Mon 8th – Sat 13th August 2016


Emma Taylor

at 10:40 on 13th Aug 2016



Fortitude Dance Theatre’s ‘Macbeth’, set in 1980s Manchester, promised to be a fluorescent, ecstatic ‘Macbeth’. It was, however, slightly disappointing.

Despite the revamp, the bones of the classic ‘Macbeth’ remain. The cast know their way around the script and deliver it fairly convincingly. The acting itself is competent at most stages of the performance, yet in some scenes seems almost too relaxed for what is a dark tragedy. Particular gems in the cast, however, should be noted – Macbeth in particular is strong, despite him often facing the back of the stage which makes him difficult to hear, and Lady Macbeth’s first monologue is very impressive. This aside, the performance very much lacks the raw emotion needed in a Shakespearean tragedy, making it almost bland.

An interesting element of this performance is the dance, which gives the performance a certain uniqueness. Physical theatre can work incredibly well with Shakespeare. A trio of dancers – later revealed as the three witches – greet the audience as they file in, with a fluid, almost beautiful dance that had been choreographed to suit the swirling magic and madness of the witches. This kind of dance is present throughout, and it did work in that it is very cleverly added in to represent emotions, such as at the discovery of the murder. The problem here is that in certain cases the dancing goes on for far too long- less of an issue were the dancing not so seemingly repetitive. Considering so much of the script has been cut, better time management of the performance here should be exercised.

The whole crux of this performance is that it promises to be an loud 80s reboot of the Shakespearean classic, set in gritty Mancunian nightclubs- yet this promise is hardly delivered. Putting Banquo in dungarees and Lady Macbeth in legwarmers is not enough to give it an 80s shot in the arm, and neither is giving Macbeth a hockey stick to walk on with – the purpose of which remains a mystery still. The 80s music is confined to a dull, unrecognisable electric beat throughout the entire show, which lends nothing to scenes of high emotion.

Overall, it is a fairly competent, if slightly basic, performance of a shortened ‘Macbeth’. However, this is billed as so much more, a gritty tragedy in neon, and although it is colourful to a degree, it is not the fluorescence we were promised. Despite this, the show and cast have great potential. It is an interesting and ambitious idea, and this should be recognised and admired.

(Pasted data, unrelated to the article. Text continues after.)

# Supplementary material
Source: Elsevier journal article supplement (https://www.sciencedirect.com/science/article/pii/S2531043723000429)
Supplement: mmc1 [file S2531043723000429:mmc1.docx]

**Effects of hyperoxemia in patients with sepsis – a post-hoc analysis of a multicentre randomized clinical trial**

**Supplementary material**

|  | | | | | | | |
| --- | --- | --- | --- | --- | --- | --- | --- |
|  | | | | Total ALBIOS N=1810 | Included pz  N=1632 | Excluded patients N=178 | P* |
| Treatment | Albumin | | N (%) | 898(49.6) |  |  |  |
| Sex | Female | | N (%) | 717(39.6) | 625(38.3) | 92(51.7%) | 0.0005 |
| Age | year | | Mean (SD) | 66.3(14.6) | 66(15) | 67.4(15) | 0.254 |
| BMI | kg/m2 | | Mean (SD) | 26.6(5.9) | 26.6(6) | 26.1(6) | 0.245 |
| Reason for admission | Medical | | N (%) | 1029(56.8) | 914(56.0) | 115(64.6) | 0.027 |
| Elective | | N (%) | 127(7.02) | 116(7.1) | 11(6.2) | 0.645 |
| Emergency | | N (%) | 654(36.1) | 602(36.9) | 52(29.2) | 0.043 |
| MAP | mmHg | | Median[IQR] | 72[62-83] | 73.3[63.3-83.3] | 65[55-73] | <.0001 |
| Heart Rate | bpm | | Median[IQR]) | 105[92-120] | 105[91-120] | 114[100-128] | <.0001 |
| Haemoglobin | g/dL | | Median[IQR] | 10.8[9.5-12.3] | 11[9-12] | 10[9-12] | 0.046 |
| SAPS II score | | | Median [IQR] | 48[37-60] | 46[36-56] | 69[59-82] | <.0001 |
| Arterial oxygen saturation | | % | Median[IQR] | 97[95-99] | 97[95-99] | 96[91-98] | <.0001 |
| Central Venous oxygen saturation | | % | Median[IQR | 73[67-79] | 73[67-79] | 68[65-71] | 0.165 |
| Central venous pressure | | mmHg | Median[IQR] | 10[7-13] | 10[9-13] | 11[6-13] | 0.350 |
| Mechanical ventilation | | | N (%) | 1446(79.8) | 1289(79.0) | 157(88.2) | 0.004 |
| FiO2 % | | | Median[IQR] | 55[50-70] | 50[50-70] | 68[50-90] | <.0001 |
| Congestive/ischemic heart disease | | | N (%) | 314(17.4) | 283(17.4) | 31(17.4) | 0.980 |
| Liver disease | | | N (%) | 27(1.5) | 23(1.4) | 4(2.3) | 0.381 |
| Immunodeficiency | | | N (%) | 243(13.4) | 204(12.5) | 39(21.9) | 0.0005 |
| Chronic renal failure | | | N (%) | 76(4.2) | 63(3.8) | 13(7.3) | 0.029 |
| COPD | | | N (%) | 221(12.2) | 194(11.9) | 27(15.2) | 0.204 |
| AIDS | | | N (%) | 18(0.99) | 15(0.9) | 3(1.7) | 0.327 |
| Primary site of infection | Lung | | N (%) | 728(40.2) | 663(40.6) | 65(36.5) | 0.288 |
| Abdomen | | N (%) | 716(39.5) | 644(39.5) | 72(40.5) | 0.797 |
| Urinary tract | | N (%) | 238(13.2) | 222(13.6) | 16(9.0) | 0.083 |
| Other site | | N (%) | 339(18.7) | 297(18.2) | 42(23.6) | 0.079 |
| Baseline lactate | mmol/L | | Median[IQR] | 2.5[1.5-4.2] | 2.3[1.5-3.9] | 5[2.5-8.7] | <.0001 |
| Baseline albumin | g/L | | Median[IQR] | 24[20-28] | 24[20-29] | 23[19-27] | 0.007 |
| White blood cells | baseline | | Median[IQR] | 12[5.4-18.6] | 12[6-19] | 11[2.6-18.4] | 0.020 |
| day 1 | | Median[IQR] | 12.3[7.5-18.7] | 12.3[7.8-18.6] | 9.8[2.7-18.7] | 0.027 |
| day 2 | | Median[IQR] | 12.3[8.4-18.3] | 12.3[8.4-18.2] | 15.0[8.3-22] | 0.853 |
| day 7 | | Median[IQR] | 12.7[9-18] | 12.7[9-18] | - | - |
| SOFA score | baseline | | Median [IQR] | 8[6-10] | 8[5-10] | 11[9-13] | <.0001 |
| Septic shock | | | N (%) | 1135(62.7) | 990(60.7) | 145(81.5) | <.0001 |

Ed Grimble

at 19:46 on 13th Aug 2016



Life, says Shakespeare’s tyrannical protagonist, is ‘a tale full of sound and fury’. Fortune Theatre’s decision to move the Scottish play to the thumping grime of Manchester, 1989, promises sweat and noise and furious postmodern industrial sensory overload. This reviewer was therefore disappointed that this was not what was delivered in ZOO’s Monkey House. Instead, the initial conceit deflates and what is left is instead a perfectly competent rendition of ‘Macbeth’, but one with the appearance of a dress rehearsal.

The play promises explosive energy and intense theatrical spectacle. However, the staging does not deliver this. The soundtrack is simply a dull thudding bass: relentless and unexciting. Likewise, the 1980s aesthetic is relegated to nothing more than some dungarees, eye glitter, and an inexplicable hockey stick. On occasion I find myself closing my eyes so as to avoid the distraction of the bucket hats and Hawaiian shirts, more Raul Duke than David Bowie.

However, once one overlooks the halfhearted aesthetic and focuses on the language of the play, what emerges is a young cast who have a real competency and knack for Shakespeare. Even the weaker members of the cast deliver their lines with relative clarity and aptitude. Indeed, their diction and delivery is better than some naturalistic plays by more experienced companies that I have watched in the past fortnight. Standout performances come from Molly Rolfe as Lady Macbeth and Joel Walker as Duncan and Macduff. Indeed, so commanding was the latter that I was disappointed when he met his bloody end at the hands of the regicidal machinations of the Macbeths. Relief, then, when Walker emerges as the vengeful Macduff. Rolfe handles the depth and complexity of Lady Macbeth, arguably one of the trickiest but richest female characters in the repertoire, with a natural ease. She is both sensual and sinister.

The company approach ‘Macbeth’ with an intriguing focus on dance and physicality. The ensemble routines, if a little long at points (especially when one considers that the script has been heavily edited, and so less dance would have equated to more text), are delivered with synchronicity and invention. They are particularly effective in giving the three witches a somewhat ethereal, otherworldly potency, as well as in representing each character’s successive discovery of Duncan’s bloody corpse; here the group dance grows as each character joins a swelling tableau of grief and shock.

This young cast are very promising, handling Shakespeare’s text with a competency that is beyond their years. It is just a shame that the conceit of their adaptation fails emphatically. With experince and a more solid artistic vision, Fortune Theatre have the potential to deliver a stellar show.


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